Christmas at the Fort 2017 Goes Out with a Bang!
Old Fort Parker’s annual Christmas at the Fort was quite successful, despite a blustering cold start to the four day event. Beginning Thursday, December 7 and ending on Sunday, December 10, an exact number of attendees has not yet been named, but nearly 3,000 students from 21 schools visited the historic site on Thursday and Friday to learn about the history of the Fort as well as skills used to in daily life in the Fort’s prime. Saturday and Sunday, the event was open to people of all ages, and the worst of the weather had passed, allowing an enjoyable, educational experience for the whole family!
“The weather dampened the turnout, but everyone who came had a great time,” said Sarah McReynolds, one of two employees who work to keep Old Fort Parker running.
Christmas at the Fort is the biggest event held at Old Fort Parker every year, and volunteers come from all over the state to help see it through. Inside the fort, one can find learn about all types of skills required to survive in the mid to late 1800s, including blacksmithing, weaving, farming, and more, taught by people who use these older methods as a hobby or profession. This year was arrowhead aficionado Michael Roegner’s 17th year participating, and several other volunteers have been participating 10 years or more.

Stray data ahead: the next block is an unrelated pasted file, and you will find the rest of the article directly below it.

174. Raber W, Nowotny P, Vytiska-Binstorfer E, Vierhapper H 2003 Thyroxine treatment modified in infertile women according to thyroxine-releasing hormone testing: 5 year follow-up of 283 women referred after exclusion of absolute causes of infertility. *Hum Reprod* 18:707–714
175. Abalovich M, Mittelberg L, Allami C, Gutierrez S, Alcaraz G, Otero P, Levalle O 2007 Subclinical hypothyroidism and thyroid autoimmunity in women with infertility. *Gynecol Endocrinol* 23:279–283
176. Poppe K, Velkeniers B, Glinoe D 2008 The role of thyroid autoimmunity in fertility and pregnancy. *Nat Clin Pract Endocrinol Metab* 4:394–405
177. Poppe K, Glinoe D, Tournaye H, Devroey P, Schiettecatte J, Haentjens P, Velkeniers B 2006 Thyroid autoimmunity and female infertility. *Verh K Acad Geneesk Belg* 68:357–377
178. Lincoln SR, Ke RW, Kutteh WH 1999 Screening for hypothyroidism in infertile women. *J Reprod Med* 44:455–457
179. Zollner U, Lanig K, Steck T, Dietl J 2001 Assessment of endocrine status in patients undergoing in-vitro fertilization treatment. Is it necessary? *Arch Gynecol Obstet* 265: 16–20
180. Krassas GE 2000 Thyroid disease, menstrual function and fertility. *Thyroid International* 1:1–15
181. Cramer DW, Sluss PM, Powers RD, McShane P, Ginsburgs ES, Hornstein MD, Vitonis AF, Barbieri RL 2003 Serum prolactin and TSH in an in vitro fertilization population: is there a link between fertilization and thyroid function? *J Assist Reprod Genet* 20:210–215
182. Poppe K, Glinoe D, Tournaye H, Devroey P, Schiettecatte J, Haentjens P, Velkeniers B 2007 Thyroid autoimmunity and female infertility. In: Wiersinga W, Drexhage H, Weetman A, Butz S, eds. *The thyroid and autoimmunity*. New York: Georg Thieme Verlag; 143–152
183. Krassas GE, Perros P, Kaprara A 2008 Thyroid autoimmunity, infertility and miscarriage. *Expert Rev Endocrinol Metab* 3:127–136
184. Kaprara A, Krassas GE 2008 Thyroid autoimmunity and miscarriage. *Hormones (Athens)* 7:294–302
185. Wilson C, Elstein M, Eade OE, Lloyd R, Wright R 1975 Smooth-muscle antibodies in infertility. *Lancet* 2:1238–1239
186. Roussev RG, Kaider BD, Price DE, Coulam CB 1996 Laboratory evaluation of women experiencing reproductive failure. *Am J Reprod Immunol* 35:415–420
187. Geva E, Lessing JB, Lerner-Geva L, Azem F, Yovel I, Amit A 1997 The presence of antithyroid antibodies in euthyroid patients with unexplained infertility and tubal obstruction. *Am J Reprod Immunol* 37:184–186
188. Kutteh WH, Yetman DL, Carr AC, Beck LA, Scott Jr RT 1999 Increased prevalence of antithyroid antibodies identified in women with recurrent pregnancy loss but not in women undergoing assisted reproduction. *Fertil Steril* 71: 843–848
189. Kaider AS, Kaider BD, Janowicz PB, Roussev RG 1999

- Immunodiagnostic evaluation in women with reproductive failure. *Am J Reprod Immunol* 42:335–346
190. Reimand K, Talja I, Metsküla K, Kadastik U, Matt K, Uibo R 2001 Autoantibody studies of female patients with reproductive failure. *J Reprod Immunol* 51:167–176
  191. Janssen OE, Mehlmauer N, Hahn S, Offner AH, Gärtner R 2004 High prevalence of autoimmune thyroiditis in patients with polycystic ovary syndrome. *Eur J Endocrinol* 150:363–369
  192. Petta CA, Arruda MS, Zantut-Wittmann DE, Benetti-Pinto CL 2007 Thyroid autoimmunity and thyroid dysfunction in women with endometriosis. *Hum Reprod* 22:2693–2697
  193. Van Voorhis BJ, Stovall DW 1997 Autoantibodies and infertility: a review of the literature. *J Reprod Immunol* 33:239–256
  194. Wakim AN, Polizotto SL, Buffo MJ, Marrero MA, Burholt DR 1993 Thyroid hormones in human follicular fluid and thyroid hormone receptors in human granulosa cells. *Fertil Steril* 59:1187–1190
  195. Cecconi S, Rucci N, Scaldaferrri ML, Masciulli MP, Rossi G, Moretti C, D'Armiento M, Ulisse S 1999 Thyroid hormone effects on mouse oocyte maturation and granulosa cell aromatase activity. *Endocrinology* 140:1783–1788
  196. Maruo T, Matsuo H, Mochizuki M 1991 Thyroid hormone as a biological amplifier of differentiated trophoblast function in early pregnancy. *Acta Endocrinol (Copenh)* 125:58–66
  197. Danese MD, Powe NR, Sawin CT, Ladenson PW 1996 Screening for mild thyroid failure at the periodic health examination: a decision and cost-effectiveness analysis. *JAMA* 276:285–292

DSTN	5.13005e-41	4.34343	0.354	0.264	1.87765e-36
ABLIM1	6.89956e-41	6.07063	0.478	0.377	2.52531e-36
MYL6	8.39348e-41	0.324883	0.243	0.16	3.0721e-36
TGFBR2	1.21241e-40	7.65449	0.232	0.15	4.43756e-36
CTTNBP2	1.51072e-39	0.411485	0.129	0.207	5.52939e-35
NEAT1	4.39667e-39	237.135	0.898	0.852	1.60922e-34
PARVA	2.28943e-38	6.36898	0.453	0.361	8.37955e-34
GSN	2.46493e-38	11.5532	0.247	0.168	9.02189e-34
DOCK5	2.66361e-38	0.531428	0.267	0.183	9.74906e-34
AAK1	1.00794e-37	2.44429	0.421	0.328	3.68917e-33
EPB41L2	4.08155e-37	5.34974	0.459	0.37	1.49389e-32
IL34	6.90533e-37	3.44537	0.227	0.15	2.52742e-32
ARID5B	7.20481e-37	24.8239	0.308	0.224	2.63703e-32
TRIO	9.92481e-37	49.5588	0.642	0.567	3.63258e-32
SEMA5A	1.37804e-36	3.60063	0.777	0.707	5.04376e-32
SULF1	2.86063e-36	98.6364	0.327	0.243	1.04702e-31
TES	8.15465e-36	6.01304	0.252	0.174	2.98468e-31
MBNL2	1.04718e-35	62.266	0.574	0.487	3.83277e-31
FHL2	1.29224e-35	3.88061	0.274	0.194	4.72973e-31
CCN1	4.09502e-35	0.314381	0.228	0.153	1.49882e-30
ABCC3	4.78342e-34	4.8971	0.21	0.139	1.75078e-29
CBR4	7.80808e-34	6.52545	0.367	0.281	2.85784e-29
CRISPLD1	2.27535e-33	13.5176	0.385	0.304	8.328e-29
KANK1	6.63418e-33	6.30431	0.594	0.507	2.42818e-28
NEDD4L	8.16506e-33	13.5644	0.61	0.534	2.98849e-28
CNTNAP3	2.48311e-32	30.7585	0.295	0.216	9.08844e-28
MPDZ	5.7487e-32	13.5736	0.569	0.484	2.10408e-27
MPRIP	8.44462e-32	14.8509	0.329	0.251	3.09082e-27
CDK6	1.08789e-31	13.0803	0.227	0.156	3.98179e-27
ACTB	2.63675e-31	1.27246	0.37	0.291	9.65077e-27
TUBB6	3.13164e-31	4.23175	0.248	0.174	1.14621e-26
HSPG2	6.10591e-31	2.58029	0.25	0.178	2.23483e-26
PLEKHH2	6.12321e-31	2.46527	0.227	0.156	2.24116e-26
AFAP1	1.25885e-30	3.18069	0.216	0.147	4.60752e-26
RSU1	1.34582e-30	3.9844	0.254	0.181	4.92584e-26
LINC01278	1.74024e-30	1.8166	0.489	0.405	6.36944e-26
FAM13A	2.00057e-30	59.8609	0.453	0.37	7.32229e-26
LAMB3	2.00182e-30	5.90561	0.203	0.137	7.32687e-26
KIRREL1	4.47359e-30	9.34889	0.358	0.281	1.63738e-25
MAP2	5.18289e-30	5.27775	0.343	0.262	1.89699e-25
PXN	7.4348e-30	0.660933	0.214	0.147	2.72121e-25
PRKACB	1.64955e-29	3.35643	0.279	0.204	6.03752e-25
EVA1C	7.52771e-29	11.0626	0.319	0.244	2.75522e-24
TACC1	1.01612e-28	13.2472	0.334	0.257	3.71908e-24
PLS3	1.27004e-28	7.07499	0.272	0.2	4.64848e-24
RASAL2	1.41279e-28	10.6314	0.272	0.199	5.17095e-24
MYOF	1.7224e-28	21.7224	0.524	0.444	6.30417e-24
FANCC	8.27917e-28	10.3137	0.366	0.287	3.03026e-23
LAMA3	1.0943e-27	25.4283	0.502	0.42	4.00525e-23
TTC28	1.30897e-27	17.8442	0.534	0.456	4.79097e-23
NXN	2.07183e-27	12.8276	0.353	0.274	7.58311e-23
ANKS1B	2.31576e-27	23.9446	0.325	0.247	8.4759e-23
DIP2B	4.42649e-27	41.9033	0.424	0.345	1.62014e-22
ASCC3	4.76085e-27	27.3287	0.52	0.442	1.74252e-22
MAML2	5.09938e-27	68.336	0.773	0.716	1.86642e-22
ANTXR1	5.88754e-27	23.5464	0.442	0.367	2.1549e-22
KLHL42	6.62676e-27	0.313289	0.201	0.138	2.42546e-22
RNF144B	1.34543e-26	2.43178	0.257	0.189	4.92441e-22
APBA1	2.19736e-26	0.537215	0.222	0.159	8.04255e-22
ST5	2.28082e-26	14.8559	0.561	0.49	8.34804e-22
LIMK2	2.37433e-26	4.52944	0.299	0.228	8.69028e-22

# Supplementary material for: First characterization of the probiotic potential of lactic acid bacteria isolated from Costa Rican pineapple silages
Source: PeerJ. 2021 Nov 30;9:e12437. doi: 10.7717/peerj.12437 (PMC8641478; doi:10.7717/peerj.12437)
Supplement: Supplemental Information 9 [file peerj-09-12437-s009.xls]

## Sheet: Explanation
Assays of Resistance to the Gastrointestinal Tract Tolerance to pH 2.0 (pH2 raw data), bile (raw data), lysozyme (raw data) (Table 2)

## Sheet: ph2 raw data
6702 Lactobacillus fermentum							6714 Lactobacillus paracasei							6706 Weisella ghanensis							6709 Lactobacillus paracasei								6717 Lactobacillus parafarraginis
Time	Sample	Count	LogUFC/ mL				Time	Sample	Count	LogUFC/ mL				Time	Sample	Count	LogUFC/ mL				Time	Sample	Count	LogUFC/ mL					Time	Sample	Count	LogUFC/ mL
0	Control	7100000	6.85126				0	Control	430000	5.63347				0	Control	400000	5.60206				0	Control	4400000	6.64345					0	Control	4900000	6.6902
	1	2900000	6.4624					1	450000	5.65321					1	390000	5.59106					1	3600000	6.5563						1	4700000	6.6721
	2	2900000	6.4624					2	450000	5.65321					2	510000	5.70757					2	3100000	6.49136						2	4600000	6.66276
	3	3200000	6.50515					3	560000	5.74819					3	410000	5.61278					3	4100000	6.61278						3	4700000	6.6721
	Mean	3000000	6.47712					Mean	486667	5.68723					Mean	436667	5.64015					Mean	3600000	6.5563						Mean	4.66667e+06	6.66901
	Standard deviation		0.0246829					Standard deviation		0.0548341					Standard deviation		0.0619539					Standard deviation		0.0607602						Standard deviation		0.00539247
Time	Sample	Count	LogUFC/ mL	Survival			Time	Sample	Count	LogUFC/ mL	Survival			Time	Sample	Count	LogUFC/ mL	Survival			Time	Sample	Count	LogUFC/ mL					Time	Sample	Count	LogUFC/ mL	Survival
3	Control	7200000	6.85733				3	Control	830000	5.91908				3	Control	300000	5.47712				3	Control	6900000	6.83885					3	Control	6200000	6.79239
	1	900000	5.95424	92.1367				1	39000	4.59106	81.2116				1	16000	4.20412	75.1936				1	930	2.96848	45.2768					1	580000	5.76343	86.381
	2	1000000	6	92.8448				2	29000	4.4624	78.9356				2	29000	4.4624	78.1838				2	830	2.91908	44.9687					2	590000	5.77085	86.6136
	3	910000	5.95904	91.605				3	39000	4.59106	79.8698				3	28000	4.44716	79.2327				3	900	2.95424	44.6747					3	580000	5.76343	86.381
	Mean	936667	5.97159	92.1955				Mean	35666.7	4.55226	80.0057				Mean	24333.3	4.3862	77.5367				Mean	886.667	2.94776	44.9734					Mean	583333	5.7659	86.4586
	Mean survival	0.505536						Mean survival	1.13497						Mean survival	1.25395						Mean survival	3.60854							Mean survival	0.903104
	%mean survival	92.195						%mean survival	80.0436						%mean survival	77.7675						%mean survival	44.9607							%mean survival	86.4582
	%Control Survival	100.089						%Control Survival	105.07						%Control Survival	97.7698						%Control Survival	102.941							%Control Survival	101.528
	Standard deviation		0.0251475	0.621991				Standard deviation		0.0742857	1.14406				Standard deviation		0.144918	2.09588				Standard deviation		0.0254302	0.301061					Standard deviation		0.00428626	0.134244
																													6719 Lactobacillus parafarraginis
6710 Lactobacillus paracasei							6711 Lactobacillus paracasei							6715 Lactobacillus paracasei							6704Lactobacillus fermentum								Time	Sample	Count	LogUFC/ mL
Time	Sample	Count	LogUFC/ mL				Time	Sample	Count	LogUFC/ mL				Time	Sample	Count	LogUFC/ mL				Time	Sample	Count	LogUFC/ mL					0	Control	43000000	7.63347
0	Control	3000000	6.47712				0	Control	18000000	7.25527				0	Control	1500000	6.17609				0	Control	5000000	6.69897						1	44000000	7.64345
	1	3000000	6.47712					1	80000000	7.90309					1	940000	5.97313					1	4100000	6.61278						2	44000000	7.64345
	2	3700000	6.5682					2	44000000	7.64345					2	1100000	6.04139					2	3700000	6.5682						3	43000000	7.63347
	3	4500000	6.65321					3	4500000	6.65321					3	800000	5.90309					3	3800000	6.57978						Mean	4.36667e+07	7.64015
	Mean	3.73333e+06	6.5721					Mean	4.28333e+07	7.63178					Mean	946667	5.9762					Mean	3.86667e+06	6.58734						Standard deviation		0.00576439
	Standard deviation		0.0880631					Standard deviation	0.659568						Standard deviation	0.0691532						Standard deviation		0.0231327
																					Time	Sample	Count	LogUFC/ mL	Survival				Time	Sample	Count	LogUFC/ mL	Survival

Volunteer Mike Call taught passersby how to use a foot operated loom, used to create fabric for clothes and cloth. He explained that even today, looms are still used to make fabric but are mechanized and powered by gas. Call drew many kids and adults over to the bench to sit down and try it for themselves, and the length of fabric created was coming out surprisingly smooth and tight.
“The thing I like about the loom is all the work on the loom is done before you ever pick this up,” Call said, waving the bobbin in his hand. “The twill of your blue jeans is decided by how they put the thread in here, and that's how the pattern is created.”
Outside the fort, vendors paid the Fort a fee to set up shop and sell various items, many of which were handmade or gained through trading. Available for purchase were things like animal skulls and fur, hand crafted jewelry, clothing, purses, wooden toys, ceramic mugs and pipes, old fashioned candy, knives, and much more.
To read more of this story, pick up a copy of Thursday's edition of The Groesbeck Journal! You can also subscribe online or call 254-729-5103.